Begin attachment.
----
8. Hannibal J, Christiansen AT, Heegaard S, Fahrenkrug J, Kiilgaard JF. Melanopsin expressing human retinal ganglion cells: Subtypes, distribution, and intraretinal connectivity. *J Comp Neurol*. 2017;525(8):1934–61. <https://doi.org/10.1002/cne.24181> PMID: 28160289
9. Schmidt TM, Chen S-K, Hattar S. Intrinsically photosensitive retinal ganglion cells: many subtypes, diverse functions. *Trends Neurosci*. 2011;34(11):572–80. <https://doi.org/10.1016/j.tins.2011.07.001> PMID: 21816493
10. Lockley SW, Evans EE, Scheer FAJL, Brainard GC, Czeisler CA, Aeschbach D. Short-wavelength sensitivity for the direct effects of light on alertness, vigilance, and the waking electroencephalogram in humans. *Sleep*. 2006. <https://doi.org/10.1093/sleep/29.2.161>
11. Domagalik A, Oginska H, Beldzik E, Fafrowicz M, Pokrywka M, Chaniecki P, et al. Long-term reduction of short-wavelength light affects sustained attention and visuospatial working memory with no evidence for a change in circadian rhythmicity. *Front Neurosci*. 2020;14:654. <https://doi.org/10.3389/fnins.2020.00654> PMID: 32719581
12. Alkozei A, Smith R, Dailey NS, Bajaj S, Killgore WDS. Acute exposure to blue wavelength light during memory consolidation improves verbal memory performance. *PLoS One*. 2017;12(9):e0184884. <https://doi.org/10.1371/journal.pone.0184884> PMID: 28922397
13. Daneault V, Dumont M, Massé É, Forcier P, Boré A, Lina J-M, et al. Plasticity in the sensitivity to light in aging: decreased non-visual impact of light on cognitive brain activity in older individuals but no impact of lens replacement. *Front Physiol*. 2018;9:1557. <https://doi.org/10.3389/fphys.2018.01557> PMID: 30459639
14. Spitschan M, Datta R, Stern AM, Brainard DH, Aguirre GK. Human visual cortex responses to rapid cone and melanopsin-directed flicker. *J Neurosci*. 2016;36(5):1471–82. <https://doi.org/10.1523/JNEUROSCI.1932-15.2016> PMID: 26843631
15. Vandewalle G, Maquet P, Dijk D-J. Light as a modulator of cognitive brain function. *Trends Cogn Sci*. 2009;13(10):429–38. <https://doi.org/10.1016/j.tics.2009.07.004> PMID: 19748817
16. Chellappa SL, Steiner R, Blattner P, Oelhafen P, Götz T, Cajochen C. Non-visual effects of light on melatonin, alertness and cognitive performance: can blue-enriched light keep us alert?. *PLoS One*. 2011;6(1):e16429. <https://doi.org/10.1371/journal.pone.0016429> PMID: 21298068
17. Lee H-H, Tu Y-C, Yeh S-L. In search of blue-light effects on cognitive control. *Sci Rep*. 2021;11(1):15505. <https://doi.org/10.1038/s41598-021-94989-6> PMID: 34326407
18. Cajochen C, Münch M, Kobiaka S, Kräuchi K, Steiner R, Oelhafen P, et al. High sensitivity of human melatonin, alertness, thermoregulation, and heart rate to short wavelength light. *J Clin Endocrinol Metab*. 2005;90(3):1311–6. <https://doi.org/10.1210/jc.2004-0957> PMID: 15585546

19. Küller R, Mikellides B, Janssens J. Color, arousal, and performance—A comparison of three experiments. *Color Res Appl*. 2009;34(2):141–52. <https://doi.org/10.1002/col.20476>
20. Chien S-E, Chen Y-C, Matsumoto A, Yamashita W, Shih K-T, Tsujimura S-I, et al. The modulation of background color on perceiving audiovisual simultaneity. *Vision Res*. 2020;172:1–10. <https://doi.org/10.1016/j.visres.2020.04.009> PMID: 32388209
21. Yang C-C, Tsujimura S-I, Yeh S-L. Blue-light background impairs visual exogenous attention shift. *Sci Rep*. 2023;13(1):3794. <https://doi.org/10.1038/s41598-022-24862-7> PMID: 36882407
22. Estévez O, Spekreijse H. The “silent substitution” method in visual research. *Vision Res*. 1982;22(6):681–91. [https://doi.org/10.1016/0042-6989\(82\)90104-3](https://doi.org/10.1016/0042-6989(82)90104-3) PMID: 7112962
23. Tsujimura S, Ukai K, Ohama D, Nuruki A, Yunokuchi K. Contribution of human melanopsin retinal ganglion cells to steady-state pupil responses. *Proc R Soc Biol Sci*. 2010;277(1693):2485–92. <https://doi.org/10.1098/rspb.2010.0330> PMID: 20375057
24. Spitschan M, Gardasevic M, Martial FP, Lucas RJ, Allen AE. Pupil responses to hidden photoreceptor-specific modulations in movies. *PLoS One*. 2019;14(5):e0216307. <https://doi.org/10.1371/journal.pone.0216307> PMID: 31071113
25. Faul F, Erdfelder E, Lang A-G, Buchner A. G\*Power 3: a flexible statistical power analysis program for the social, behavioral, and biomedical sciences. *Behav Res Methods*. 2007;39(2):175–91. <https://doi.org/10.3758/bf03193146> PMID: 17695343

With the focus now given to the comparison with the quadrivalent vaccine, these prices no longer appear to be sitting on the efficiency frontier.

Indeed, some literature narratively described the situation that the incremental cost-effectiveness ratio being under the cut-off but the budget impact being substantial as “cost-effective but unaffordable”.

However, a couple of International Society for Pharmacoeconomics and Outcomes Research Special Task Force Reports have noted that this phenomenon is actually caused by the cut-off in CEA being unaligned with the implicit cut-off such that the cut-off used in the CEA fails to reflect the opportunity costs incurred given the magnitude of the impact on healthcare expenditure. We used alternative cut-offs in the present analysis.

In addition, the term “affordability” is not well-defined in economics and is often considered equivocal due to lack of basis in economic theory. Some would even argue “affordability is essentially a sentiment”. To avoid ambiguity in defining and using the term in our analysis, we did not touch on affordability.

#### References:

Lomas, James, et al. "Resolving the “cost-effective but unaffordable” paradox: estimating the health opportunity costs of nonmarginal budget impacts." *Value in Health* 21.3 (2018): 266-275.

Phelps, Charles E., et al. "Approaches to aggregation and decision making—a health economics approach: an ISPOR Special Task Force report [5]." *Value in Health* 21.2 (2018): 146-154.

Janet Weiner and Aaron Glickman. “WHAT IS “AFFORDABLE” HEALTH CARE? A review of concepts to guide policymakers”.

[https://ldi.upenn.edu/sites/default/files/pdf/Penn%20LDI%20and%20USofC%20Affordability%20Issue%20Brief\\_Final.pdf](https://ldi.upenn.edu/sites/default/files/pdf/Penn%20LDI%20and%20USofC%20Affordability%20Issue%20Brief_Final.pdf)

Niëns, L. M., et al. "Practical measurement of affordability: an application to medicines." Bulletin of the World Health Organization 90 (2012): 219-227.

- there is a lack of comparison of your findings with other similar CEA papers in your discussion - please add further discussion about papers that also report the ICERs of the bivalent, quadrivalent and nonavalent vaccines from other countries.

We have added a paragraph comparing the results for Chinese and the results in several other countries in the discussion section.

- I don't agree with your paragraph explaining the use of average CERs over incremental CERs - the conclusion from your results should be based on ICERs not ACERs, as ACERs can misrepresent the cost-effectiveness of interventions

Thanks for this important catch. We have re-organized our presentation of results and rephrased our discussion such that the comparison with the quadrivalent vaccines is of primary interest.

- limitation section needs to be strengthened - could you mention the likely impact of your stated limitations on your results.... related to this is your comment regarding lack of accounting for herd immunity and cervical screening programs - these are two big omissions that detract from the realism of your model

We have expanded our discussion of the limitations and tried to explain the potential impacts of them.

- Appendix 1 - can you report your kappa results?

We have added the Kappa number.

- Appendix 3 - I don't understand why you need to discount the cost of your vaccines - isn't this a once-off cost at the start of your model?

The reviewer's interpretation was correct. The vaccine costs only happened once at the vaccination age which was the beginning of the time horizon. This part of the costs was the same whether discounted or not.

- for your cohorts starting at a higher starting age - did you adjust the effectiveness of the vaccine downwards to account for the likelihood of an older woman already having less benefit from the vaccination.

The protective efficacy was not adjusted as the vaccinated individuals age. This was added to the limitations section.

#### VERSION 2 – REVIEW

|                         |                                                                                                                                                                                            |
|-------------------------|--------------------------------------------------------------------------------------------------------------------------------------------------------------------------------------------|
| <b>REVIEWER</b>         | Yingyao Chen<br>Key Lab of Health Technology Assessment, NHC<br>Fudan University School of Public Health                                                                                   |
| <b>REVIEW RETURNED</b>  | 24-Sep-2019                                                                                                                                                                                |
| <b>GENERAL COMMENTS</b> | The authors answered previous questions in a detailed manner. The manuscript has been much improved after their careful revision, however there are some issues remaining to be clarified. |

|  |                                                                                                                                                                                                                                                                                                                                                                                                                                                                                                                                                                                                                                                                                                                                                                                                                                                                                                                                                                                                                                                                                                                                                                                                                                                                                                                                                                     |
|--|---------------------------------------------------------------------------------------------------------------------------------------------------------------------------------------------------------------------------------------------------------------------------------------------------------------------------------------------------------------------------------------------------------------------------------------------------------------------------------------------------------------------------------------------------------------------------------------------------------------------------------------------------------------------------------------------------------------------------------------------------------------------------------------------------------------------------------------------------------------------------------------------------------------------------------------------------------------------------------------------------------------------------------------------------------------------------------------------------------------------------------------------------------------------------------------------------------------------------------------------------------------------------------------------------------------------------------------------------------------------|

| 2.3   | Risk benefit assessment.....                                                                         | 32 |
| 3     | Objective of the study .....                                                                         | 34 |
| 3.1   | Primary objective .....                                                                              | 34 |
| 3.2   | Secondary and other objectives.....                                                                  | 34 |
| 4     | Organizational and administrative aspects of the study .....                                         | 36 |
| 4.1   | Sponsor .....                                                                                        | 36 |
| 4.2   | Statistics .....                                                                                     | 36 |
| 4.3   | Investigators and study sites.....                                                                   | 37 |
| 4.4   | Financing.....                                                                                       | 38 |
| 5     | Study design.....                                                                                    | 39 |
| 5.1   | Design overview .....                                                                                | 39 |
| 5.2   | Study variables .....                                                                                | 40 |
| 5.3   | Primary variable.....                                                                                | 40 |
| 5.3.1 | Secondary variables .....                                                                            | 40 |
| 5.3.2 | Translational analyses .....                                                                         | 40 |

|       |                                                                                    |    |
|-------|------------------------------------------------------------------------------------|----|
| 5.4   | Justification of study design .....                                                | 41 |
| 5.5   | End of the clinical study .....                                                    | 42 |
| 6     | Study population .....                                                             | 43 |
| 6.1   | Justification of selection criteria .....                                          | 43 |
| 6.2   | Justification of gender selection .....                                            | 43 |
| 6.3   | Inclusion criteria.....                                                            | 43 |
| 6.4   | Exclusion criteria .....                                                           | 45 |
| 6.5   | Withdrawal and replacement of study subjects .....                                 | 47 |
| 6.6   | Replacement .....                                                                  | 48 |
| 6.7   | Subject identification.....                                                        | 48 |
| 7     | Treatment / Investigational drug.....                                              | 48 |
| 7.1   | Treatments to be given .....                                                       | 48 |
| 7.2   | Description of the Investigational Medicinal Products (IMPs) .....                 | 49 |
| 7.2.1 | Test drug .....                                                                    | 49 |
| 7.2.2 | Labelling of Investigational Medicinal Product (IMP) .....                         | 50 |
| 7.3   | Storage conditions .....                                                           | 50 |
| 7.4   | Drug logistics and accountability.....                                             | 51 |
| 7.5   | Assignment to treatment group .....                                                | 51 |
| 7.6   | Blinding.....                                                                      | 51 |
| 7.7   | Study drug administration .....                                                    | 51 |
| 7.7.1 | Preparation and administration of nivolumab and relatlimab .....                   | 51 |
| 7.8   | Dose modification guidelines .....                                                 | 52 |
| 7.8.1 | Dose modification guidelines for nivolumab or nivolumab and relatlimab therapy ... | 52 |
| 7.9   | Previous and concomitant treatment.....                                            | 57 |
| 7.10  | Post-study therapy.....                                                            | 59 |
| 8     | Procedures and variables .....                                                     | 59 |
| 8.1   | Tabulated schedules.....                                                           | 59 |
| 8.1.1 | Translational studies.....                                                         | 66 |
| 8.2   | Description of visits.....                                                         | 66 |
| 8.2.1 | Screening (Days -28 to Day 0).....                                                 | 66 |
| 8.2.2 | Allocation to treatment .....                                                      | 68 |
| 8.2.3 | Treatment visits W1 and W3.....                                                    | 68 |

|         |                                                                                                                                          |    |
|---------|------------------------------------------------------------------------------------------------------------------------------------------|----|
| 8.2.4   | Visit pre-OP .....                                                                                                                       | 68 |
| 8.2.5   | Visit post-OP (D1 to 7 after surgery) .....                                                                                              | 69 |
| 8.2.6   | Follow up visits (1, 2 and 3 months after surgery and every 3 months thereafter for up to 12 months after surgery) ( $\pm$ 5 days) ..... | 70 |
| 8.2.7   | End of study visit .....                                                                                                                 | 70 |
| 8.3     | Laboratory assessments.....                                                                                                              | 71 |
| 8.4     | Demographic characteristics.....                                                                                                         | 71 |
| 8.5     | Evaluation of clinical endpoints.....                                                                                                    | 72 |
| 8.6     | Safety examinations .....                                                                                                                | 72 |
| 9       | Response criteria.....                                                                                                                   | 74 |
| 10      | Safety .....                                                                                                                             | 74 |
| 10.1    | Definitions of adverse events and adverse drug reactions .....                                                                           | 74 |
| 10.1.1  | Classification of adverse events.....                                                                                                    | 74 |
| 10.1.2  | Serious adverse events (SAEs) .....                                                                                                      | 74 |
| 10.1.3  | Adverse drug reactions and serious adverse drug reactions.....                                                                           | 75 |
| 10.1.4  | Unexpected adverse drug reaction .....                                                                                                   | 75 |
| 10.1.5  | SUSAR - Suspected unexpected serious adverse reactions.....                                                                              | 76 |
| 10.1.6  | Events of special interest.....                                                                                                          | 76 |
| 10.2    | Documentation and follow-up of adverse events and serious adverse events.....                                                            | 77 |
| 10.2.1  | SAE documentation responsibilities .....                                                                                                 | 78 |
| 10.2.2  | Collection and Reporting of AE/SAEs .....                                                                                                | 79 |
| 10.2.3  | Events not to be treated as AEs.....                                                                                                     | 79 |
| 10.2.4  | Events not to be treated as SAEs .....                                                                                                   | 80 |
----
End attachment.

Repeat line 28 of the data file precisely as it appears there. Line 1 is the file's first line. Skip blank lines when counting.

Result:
Niëns, L. M., et al. "Practical measurement of affordability: an application to medicines." Bulletin of the World Health Organization 90 (2012): 219-227.